- Discuss the attempts to convert Indigenous Peoples to Christianity. How successful were these attempts and what were some of the complicating factors in this process (for both the Jesuits, or missionaries, and the Indigenous Peoples involved)?
Answer: There was significant resistance to conversion as some Indigenous Peoples did not trust in the motives of the missionaries and were not convinced of the existence of hell. In 1648, only 15% of Wendat Confederacy were Christian. The sincerity of converts was questionable with motives possibly being connected to preferential treatment in fur trade; commercial incentives were especially beneficial. Of particular importance is the role of regional security concerns for the Wendat. The French were willing to trade firearms with converts only, and the Wendat were concerned about the number of muskets ending up in hands of the Haudenosaunee Confederacy from the Dutch and English.
In spite of high hopes of evangelizing the Indigenous Peoples quickly, it took nine years for Jesuit Jean de Brébeuf to learn the Wendat language; also, trade interests did not always match missionary goals. Ultimately, missionaries never completed the evangelization of the Wendat; a few nuns were produced but not a single priest among the men.
A source of difficulty arose with conflicting values between Indigenous worldview and Christian principles; Indigenous Peoples did not believe in a dominant position for human beings. Further, Indigenous Peoples recognized contradictions between Christian spiritual teachings and the actions of French traders. Importantly, Indigenous Peoples did not distinguish between religious and political roles.
When disease struck, the missionaries also became suspect as they seemed unaffected, thereby creating tensions. Later, at Hudson’s Bay Company posts, when formal education was implemented, the inclusion of Christian religion in the curriculum can be seen as an ominous predecessor of the residential school system.
- Briefly explain how the French and the Indigenous Peoples viewed the question of sovereignty and their position with regards to French Law.
Answer: The French were not clearly decided as to whether the Indigenous Peoples should be seen as allies or subjects of the French monarchy. Eventually, the French determined that the Indigenous Peoples should be seen as subjects and abide by French laws that were imposed. The Indigenous Peoples, who saw themselves as free and sovereign, did not accept this easily. They particularly did not appreciate being imprisoned for breaking laws they did not even know existed. If they had been approached with the proposition of abiding by French laws, they would not have accepted them.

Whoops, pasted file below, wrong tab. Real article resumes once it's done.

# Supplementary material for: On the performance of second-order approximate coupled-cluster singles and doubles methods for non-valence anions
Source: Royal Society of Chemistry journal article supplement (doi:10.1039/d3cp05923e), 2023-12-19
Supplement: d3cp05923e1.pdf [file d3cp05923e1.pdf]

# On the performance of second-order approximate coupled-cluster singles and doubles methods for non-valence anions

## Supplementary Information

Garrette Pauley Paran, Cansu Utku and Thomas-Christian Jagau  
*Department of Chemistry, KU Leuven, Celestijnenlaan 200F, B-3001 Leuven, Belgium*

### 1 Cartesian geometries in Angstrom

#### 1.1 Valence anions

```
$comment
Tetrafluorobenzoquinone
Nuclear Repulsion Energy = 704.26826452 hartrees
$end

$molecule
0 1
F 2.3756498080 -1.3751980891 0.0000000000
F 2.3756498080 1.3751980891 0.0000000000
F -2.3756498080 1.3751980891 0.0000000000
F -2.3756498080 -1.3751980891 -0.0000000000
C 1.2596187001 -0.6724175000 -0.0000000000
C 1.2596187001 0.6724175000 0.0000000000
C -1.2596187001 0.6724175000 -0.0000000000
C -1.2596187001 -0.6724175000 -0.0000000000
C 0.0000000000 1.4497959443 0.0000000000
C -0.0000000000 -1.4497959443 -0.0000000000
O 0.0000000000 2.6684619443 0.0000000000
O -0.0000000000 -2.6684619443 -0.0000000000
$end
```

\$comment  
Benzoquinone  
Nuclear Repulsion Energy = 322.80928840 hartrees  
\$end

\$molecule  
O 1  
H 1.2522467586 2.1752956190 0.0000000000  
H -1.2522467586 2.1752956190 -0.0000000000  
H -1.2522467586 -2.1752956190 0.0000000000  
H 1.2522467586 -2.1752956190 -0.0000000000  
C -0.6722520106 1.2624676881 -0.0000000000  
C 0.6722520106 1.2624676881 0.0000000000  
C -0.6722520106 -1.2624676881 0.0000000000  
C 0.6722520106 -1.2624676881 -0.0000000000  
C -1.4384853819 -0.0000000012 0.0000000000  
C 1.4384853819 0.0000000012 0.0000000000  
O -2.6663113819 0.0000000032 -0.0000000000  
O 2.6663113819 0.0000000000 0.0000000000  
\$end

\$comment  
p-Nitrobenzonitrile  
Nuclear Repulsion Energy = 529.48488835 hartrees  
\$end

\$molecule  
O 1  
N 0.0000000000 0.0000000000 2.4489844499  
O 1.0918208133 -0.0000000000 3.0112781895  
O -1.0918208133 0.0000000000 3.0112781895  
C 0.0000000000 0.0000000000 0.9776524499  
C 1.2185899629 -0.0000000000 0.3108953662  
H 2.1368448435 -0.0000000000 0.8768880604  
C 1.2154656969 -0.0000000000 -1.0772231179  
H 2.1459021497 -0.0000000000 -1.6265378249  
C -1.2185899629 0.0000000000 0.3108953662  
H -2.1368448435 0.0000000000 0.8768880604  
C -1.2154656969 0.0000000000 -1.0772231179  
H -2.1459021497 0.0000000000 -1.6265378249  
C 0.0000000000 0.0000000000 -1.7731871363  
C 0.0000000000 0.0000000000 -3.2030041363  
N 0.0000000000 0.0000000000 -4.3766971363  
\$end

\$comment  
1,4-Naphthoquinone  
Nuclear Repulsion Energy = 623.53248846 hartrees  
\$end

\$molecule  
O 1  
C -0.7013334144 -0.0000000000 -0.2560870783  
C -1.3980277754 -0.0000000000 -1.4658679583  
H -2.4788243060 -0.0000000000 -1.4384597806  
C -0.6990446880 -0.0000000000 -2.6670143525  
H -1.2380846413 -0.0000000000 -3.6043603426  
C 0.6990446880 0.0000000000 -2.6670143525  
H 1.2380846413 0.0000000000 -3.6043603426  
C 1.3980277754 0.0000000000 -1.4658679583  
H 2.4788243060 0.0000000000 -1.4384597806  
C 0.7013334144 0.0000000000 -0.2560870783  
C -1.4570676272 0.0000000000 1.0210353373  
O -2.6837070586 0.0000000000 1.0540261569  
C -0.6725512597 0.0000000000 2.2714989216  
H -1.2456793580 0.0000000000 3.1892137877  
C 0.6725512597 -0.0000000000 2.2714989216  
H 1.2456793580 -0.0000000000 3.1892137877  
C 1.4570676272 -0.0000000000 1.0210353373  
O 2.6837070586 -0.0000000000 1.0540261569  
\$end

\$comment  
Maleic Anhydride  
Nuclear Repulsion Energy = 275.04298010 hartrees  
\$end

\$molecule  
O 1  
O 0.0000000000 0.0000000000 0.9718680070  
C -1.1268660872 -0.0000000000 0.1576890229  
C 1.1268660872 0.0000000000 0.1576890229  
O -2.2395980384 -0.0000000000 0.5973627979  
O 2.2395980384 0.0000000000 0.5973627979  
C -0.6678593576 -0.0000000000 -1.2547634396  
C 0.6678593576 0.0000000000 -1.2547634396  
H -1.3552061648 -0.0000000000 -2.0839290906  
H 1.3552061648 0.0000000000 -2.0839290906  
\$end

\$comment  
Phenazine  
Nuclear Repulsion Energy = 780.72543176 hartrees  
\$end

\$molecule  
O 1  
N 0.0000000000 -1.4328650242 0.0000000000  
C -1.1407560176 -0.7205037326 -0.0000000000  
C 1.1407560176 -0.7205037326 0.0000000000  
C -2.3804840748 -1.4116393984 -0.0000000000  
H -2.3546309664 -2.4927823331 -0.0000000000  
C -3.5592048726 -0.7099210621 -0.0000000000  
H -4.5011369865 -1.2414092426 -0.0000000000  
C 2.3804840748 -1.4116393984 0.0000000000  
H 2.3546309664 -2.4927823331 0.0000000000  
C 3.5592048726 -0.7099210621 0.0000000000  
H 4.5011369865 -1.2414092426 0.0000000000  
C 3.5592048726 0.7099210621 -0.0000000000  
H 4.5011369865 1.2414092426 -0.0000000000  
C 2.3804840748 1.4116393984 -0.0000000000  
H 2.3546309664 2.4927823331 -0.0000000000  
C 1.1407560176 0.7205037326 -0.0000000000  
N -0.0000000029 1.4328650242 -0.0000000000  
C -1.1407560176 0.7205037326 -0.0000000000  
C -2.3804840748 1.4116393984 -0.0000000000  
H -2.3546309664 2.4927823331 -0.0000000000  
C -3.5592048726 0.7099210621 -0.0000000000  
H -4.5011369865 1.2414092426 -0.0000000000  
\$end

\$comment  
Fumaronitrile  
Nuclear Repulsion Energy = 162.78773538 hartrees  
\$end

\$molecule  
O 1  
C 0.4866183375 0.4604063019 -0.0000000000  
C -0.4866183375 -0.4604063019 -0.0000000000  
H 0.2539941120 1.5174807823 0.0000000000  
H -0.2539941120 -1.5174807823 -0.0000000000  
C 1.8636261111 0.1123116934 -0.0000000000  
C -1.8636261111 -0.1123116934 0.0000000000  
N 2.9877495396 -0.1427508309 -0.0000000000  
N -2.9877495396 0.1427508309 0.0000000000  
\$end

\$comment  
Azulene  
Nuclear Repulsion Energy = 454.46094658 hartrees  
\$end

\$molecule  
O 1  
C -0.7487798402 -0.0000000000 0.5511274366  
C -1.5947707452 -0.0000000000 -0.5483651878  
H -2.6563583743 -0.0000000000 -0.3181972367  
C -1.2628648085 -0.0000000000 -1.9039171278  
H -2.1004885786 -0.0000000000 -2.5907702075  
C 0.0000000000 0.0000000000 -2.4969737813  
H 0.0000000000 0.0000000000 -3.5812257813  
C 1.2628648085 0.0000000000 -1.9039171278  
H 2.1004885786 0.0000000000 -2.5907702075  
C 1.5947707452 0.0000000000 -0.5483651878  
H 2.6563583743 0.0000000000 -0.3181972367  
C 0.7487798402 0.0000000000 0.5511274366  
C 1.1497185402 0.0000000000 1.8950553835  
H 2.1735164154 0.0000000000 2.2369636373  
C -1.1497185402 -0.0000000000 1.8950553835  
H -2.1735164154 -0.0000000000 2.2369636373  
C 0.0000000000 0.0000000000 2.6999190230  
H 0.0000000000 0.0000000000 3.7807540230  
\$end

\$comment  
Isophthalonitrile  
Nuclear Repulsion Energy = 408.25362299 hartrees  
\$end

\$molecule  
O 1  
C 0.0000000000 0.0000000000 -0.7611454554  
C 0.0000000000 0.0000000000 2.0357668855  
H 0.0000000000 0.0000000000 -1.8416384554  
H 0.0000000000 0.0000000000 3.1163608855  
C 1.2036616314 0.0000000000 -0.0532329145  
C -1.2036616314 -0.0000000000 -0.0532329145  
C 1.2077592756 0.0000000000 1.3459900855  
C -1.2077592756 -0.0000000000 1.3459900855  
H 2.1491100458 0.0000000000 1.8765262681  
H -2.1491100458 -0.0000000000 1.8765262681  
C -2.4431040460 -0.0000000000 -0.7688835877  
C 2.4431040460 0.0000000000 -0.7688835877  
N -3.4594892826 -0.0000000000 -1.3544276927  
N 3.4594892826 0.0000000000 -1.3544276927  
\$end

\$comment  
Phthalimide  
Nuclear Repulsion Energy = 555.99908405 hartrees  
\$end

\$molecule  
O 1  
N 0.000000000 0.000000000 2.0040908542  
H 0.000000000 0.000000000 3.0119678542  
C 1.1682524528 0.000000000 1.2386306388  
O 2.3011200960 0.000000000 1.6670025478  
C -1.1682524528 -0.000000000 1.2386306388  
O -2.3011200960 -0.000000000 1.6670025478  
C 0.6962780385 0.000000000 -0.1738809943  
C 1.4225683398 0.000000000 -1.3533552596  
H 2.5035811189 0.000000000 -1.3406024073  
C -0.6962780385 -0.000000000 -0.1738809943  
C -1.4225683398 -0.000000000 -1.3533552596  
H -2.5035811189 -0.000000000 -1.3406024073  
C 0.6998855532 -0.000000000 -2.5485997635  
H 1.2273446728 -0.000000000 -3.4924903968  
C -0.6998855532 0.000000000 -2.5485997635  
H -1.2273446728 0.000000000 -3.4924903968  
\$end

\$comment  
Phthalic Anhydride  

- Briefly explain what role the Haudenosaunee and Onondowaga played in dispersing the Wendat.
Answer: In 1642, two members of the Haudenosaunee Confederacy, the Kanien’keha:ka (who the French and English called Mohawk) and the Onondowaga, (who were referred to as Seneca), began river blockades to prevent the trade brigades that used the St Lawrence, Ottawa, and Richelieu rivers. A peace agreement between the French and the Kanien’keha:ka was short-lived, with the benefit of a few brigades getting through. In 1648, when the Wendat rallied again and sent down 60 canoes, they returned to find three of their villages burned. In conjunction with the attacks by the Haudenosaunee, the French were also fortifying their position. These challenges eventually led the Wendat to give up and in 1649 they burned their 15 remaining villages and dispersed.
- Explain the difference in understanding of early treaties and trade alliances between the English and the Cree.
Answer: The Cree presumed that the English were paying them “rent” as symbolized by ceremonial gift giving. The concept of owning land was foreign and the First Nations believed they still had access to the forts. The English believed they were acquiring property and had complete control. The Cree homeguard also hunted on behalf of the English; this relationship was also upheld via feasts and gifts. However, relations were uneasy. As resources became depleted, agreements sometimes turned to violence.